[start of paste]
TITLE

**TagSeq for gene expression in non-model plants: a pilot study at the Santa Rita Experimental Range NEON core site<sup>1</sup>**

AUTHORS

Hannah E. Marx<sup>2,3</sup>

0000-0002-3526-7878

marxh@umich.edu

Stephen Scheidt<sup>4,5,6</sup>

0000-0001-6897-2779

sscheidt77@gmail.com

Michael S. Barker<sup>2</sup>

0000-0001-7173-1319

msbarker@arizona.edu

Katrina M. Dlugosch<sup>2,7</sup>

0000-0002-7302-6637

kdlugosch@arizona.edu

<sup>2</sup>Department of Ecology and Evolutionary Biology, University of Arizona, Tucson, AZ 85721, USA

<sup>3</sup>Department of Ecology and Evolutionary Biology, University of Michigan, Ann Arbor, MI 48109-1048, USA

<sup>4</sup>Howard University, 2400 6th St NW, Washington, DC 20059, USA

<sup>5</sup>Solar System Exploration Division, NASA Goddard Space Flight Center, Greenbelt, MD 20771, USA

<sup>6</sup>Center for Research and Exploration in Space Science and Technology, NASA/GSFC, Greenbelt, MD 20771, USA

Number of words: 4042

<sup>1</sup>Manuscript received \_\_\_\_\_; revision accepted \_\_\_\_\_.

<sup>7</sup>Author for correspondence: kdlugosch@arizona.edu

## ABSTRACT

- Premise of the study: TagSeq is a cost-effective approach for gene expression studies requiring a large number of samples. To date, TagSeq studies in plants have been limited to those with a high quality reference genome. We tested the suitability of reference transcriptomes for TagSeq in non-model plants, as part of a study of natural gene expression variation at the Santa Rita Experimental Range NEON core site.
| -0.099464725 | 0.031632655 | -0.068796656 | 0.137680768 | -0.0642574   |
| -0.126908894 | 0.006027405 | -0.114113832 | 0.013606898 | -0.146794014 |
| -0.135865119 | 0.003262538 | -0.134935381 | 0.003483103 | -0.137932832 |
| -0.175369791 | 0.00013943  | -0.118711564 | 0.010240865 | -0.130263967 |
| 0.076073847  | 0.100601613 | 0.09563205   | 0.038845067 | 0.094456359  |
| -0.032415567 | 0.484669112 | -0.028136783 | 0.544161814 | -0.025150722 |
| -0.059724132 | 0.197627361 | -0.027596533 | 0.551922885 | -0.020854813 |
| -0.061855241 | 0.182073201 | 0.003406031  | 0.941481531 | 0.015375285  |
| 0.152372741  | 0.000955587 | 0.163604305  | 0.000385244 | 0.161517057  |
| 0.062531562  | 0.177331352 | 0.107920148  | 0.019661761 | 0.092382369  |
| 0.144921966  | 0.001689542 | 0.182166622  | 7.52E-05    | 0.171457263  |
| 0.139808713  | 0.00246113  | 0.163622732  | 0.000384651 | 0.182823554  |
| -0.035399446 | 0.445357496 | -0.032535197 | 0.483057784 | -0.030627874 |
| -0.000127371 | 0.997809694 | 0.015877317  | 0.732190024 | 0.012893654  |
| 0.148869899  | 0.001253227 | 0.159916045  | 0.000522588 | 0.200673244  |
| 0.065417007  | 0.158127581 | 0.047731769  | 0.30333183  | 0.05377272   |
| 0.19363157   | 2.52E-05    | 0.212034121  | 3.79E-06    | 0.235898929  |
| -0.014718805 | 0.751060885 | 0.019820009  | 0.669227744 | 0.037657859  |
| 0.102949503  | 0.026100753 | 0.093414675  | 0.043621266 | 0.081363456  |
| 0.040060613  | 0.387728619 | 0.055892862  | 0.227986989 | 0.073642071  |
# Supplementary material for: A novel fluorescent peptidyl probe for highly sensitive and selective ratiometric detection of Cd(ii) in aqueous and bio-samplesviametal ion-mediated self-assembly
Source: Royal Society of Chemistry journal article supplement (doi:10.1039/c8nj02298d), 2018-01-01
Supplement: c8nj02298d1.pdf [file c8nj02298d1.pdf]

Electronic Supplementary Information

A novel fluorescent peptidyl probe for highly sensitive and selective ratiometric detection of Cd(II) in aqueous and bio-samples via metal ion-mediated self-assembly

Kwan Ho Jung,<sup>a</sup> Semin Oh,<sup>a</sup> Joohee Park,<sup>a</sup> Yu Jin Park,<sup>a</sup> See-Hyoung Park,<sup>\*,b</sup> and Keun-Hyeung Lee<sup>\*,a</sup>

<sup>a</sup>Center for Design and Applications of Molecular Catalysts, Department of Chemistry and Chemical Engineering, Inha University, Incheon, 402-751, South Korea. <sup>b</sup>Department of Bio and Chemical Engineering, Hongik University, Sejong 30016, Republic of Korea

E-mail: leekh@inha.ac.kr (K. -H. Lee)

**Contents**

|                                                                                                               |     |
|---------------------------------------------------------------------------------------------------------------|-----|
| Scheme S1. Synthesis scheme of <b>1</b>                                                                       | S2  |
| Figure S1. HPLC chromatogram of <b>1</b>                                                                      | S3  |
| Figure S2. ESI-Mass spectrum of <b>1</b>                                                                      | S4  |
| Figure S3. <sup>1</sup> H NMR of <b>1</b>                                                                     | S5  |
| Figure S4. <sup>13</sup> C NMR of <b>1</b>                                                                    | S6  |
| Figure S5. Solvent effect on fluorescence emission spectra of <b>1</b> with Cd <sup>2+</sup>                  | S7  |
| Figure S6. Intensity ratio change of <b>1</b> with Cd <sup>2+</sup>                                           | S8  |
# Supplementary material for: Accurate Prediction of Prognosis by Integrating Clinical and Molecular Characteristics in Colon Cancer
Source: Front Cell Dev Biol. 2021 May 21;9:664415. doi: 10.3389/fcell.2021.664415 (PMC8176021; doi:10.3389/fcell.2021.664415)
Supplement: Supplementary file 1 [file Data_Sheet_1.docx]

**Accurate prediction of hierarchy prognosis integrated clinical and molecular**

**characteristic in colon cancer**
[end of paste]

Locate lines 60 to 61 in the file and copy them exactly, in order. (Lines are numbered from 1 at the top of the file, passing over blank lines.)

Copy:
| Figure S3. <sup>1</sup> H NMR of <b>1</b>                                                                     | S5  |
| Figure S4. <sup>13</sup> C NMR of <b>1</b>                                                                    | S6  |